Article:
AmericanArcade

Say what you will about The Verge, they are, at least, attempting to give shape to Web-based journalism. That’s no mean feat in an era where the more common method is to take whatever shape the Web provides. For some time now, that shape has been determined in no small part by the dictates of SEO—search engine optimization—a series of practices for making your site as visible as possible one search engines like Google.

Well, not search engines like Google so much as Google specifically. As often as not, when people talk about SEO, what they really mean is GEO: Google engine optimization. Granted, there are a few competitors like Bing and Yahoo, but Bing still measures success in terms of losing less money and Yahoo is staking its future less on search and more on providing content. Google is far and away the most important source of search traffic. It’s so important, in fact, that how they handle search has consequences for the Web publishing industry as a whole.

That’s much of what’s at issue with The Verge‘s recent beef against The Huffington Post. It started with a showy, long form article published by The Verge, “For Amusement Only: The Life and Death of the American Arcade.” It’s the sort of long form tech article on which The Verge is making its name, in part because so few commercial publishers are investing in long form online. Five days later, The Huffington Post published a page under the same title reprinting The Verge‘s own introductory text and linking back to the original article.

That practice, pitched as aggregation, is far more indicative of most Web publishing, and what happened next indicates why. Over Twitter, The Verge editors requested that HuffPo take down their post. HuffPo editors responded that The Verge had no cause for complaint—if anything, the aggregation helped The Verge by pointing HuffPo readers to their site. And while that may be so, The Verge editors were quick to point out that the HuffPo aggregation had quickly leaped above the original article as the top search result on Google. Less than a week after the original article went live, it had already been pushed off the first page of Google News results to relevant search terms. Which, if you follow SEO logic, may have been the point all along.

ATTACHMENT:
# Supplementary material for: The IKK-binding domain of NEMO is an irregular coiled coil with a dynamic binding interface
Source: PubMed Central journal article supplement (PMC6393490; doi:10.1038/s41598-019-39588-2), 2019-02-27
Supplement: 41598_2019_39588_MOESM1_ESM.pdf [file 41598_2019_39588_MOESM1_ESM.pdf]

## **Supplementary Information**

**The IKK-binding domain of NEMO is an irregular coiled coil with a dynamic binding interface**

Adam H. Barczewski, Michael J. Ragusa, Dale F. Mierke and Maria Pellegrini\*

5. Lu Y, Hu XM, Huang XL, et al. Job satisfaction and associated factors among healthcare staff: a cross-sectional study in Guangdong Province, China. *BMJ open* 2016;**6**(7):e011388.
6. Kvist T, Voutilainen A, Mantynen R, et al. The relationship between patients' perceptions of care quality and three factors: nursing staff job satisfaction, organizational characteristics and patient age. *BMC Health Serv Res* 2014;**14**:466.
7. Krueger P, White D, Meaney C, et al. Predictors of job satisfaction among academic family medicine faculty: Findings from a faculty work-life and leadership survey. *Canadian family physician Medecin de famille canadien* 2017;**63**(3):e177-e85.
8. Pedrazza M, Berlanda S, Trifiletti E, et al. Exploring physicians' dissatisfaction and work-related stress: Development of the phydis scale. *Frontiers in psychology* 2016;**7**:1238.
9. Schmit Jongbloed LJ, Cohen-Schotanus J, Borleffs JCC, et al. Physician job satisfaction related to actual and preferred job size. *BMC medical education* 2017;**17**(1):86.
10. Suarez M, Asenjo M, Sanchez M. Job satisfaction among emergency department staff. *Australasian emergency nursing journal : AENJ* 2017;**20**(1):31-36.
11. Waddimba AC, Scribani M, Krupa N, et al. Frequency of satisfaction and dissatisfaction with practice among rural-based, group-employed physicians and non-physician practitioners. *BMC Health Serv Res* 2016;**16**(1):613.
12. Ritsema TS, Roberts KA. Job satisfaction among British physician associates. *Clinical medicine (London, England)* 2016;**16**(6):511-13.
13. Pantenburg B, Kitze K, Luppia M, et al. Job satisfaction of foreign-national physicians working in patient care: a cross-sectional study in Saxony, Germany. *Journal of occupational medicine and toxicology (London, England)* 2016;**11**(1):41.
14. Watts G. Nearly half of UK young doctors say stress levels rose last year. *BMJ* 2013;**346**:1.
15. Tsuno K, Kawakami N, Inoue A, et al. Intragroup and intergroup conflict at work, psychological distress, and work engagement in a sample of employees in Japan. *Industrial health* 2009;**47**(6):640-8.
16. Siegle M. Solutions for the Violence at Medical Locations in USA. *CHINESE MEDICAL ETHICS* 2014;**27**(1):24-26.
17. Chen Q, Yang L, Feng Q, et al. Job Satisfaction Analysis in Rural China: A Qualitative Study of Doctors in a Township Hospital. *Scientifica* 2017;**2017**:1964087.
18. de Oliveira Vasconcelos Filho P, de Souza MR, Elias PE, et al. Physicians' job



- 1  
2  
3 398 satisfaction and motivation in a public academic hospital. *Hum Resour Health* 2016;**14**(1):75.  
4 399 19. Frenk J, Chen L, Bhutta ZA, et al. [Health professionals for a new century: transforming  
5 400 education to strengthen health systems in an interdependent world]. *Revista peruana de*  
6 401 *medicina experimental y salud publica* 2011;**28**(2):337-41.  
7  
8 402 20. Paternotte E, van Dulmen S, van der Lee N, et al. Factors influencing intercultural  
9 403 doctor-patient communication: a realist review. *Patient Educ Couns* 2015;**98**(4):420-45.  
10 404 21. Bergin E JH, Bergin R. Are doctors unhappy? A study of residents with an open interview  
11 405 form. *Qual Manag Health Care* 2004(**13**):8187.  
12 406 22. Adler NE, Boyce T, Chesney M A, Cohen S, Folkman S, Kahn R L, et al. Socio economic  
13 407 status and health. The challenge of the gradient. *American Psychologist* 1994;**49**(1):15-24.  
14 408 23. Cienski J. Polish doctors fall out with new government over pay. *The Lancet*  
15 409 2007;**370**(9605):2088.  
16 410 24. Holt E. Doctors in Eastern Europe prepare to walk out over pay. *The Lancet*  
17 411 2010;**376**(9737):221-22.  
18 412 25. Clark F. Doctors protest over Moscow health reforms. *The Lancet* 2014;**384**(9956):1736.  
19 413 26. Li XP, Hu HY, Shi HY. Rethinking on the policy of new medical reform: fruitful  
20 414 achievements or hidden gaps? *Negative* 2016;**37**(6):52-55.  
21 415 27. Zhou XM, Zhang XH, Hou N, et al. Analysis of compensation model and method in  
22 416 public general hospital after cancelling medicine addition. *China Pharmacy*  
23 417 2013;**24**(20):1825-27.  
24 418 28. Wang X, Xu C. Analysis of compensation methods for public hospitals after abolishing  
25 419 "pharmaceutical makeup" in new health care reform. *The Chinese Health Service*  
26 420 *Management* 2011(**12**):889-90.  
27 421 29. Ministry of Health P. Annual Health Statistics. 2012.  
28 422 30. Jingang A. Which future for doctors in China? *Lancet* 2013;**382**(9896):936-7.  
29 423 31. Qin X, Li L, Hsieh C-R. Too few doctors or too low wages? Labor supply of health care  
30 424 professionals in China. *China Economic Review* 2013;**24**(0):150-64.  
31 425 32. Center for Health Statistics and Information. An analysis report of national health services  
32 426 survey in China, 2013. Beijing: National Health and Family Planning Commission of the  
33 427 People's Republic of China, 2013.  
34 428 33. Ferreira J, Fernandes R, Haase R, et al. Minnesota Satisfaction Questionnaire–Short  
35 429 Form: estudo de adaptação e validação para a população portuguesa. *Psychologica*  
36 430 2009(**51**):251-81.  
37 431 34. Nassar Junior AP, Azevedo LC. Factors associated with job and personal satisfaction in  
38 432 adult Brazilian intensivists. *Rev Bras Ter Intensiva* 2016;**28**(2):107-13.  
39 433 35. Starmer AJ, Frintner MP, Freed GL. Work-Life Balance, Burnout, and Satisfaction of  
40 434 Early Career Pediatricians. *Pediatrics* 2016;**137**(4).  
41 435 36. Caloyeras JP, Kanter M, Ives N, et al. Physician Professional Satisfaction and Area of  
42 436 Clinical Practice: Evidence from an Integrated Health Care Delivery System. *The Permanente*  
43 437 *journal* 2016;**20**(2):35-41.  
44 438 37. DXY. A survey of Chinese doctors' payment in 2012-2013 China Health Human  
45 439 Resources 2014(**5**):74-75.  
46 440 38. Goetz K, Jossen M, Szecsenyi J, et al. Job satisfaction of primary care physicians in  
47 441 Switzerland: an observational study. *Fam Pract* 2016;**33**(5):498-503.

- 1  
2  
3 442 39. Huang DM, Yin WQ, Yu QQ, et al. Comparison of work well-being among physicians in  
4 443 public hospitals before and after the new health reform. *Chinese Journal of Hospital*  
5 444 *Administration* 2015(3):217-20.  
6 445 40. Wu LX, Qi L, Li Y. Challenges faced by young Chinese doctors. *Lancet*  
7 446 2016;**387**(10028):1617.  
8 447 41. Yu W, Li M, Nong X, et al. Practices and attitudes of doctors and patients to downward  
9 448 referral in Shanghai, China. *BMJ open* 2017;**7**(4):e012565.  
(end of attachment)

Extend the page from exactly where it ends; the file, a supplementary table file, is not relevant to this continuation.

It’s simple really. Web publishers finance their sites with ads, and those ads generally pay in proportion to the amount of traffic that moves through the pages where they’re displayed. To the ad sales department at a site like HuffPo, what’s actually on a page next to their ads matters less than the number of people who open that page. The strategy, then, is to deploy the optimal number of pages per day, with each of those pages doing just what it takes to draw in the maximum possible number of browsers.

As it turns out, aggregation is a pretty good strategy for doing that. Compared to researching and writing your own content, aggregating requires an infinitesimal investment of time and effort. Couch it in a few quick paragraphs about how good the aggregated content is and you can just about justify having another page full of ads.

When done well, aggregation can be a useful thing. The nature of the Web is to be both vast and obscure, convenient even as it conceals. In pointing out how much traffic their post sent The Verge‘s way, HuffPo was harking to aggregation’s usefulness as a way of navigating the pocket world of the Web. The problem is that SEO (and particularly GEO) often rewards aggregation practices that harm as much as they help. That’s precisely what happened here. Knowing that it could always invoke aggregation as its justification, HuffPo posted a page optimized to trump the Verge article in Google’s search results, for which they were duly rewarded. Now people who know of the article but not what site published it, or who simply want a history of American arcades, will search for it on Google, get the HuffPo link first, and take a detour through pointless aggregation rather than find the original article directly. That’s good for HuffPo, and bad for everyone else.